“It’s not like people are growing up in areas we didn’t expect them to grow up in. They just do it much faster than we thought.

* Economic impact and quality of life: Minion said he can’t stress enough that Wholestone Foods is owned by 220 hog farmers in South Dakota, Minnesota, Nebraska and Iowa. Eckhoff calls the upcoming plant a “value-added agricultural project.”

“Agriculture is still part of our industry,” Eckhoff said. “Agriculture is doing well in these surrounding communities, and farmers and producers are spending money in Sioux Falls. They contribute to our health care, our retail, our services and our overall economy…

“One other thing aside, and I’m not ruling it out, but from a purely economic standpoint, a locally owned value-added agricultural business is a big driver for the money.”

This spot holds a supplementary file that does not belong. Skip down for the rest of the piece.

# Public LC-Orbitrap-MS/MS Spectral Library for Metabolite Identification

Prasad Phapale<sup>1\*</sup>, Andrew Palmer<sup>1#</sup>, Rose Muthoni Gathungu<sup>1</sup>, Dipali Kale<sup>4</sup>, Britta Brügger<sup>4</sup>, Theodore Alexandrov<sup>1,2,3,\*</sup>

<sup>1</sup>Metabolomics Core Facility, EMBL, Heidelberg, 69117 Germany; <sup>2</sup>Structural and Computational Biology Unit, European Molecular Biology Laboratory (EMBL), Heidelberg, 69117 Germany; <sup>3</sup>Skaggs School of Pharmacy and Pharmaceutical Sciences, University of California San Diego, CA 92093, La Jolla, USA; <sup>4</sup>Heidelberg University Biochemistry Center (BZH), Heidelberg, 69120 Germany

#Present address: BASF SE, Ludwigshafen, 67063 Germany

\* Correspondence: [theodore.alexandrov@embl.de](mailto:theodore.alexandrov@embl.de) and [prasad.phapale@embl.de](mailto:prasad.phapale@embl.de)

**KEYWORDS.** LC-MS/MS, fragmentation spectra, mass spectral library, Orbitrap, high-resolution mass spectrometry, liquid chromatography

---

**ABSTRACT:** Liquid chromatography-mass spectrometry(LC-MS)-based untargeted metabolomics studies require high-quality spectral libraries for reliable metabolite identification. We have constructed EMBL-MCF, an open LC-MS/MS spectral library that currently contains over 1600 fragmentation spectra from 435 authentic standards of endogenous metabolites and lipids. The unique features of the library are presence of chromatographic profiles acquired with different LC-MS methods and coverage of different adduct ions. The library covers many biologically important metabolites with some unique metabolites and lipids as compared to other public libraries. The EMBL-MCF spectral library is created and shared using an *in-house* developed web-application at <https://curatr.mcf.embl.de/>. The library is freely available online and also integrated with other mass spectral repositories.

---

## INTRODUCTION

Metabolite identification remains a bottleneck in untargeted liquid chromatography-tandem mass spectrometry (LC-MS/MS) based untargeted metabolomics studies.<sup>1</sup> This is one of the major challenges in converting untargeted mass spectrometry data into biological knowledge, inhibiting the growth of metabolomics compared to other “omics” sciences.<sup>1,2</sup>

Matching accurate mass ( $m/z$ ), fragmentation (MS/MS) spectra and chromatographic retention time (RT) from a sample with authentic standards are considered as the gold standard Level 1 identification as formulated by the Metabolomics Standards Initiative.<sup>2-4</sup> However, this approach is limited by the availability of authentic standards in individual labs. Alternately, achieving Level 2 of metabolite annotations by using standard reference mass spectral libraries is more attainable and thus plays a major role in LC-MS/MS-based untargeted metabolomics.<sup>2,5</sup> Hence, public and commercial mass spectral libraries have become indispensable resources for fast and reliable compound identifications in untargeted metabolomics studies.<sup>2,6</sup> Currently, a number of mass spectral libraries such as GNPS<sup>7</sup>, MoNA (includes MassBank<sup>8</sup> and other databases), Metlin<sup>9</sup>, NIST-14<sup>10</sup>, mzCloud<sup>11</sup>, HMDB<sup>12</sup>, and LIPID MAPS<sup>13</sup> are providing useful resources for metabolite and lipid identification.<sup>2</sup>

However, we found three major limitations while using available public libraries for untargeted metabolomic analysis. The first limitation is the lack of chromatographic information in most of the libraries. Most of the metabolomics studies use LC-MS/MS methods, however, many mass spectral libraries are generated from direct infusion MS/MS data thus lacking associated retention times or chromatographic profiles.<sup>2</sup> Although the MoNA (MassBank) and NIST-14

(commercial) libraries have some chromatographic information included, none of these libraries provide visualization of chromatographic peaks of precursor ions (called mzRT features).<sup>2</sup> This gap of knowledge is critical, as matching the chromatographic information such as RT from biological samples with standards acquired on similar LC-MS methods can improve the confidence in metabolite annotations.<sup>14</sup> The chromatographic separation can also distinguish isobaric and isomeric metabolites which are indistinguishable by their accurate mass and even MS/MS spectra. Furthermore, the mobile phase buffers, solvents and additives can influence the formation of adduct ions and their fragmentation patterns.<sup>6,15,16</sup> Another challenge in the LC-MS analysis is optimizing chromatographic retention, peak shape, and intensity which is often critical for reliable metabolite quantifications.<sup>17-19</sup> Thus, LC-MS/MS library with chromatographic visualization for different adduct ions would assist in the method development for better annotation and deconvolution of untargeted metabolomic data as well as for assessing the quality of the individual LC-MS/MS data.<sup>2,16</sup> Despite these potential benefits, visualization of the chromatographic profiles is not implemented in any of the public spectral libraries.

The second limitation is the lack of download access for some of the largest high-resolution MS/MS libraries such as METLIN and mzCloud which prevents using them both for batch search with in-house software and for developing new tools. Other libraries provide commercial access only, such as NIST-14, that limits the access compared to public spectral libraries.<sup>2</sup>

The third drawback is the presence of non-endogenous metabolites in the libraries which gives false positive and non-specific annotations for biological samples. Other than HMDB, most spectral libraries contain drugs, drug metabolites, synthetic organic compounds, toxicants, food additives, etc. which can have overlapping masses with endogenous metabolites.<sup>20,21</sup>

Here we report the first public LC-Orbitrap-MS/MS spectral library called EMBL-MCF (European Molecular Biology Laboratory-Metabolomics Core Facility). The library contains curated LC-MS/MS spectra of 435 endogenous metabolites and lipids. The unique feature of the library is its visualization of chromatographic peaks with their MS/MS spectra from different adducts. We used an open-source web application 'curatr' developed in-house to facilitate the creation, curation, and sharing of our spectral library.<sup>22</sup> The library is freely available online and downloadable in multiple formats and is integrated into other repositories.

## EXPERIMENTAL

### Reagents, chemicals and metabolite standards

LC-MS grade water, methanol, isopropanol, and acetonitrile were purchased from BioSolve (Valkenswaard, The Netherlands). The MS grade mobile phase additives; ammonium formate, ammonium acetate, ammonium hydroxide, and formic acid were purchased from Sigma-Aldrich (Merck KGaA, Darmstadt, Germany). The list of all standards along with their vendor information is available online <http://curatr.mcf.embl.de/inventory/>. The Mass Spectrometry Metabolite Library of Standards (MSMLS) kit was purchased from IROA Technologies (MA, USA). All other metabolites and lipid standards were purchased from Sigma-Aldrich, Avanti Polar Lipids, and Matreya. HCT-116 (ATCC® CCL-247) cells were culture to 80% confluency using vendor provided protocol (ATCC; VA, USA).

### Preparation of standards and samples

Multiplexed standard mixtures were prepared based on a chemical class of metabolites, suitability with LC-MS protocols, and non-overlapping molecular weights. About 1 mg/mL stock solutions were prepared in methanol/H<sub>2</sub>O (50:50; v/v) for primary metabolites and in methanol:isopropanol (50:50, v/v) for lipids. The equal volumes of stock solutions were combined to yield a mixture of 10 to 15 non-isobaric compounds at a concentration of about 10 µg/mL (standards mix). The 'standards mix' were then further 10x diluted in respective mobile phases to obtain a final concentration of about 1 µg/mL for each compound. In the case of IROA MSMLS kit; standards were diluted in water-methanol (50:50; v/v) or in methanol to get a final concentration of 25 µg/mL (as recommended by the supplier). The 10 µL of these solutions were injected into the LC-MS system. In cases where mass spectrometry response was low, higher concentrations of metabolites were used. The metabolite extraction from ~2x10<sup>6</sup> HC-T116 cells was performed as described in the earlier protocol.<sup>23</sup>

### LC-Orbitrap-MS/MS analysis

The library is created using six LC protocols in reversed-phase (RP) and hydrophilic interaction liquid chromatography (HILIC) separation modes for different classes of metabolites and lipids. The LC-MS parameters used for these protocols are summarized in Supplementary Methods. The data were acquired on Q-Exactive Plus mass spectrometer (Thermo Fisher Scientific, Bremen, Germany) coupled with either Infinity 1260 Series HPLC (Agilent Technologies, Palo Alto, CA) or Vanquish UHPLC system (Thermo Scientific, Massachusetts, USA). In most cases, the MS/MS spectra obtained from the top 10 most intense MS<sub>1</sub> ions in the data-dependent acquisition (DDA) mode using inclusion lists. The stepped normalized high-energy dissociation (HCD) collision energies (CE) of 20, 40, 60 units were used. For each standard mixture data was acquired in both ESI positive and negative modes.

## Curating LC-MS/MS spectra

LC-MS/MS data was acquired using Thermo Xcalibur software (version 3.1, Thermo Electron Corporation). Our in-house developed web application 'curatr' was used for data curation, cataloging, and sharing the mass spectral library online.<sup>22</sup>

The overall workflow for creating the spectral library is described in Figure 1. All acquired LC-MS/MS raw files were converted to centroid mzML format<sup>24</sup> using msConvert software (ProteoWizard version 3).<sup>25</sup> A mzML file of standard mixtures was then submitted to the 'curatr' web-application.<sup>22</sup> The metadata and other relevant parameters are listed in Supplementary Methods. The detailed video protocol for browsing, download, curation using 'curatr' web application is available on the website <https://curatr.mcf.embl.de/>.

Peterson said that the CSSF is not against the construction of the factory, nor against agriculture. But the factory would have to go elsewhere, and there are other ways to keep the city’s economy booming.

“The way we look at it is, do we want Sioux Falls to be a town of the past and continue to rely on old industry,” Peterson said, “or do we want to continue attacking new industries, attract young professionals, attract families? Does a new mega-slaughterhouse within the city limits make Sioux Falls a more attractive place to live, work, raise a family? Does it improve the quality of life of the inhabitants? In our opinion, no.

Construction is expected to start around New Years 2023. Peterson said “you’ll hear more” from the CSSF.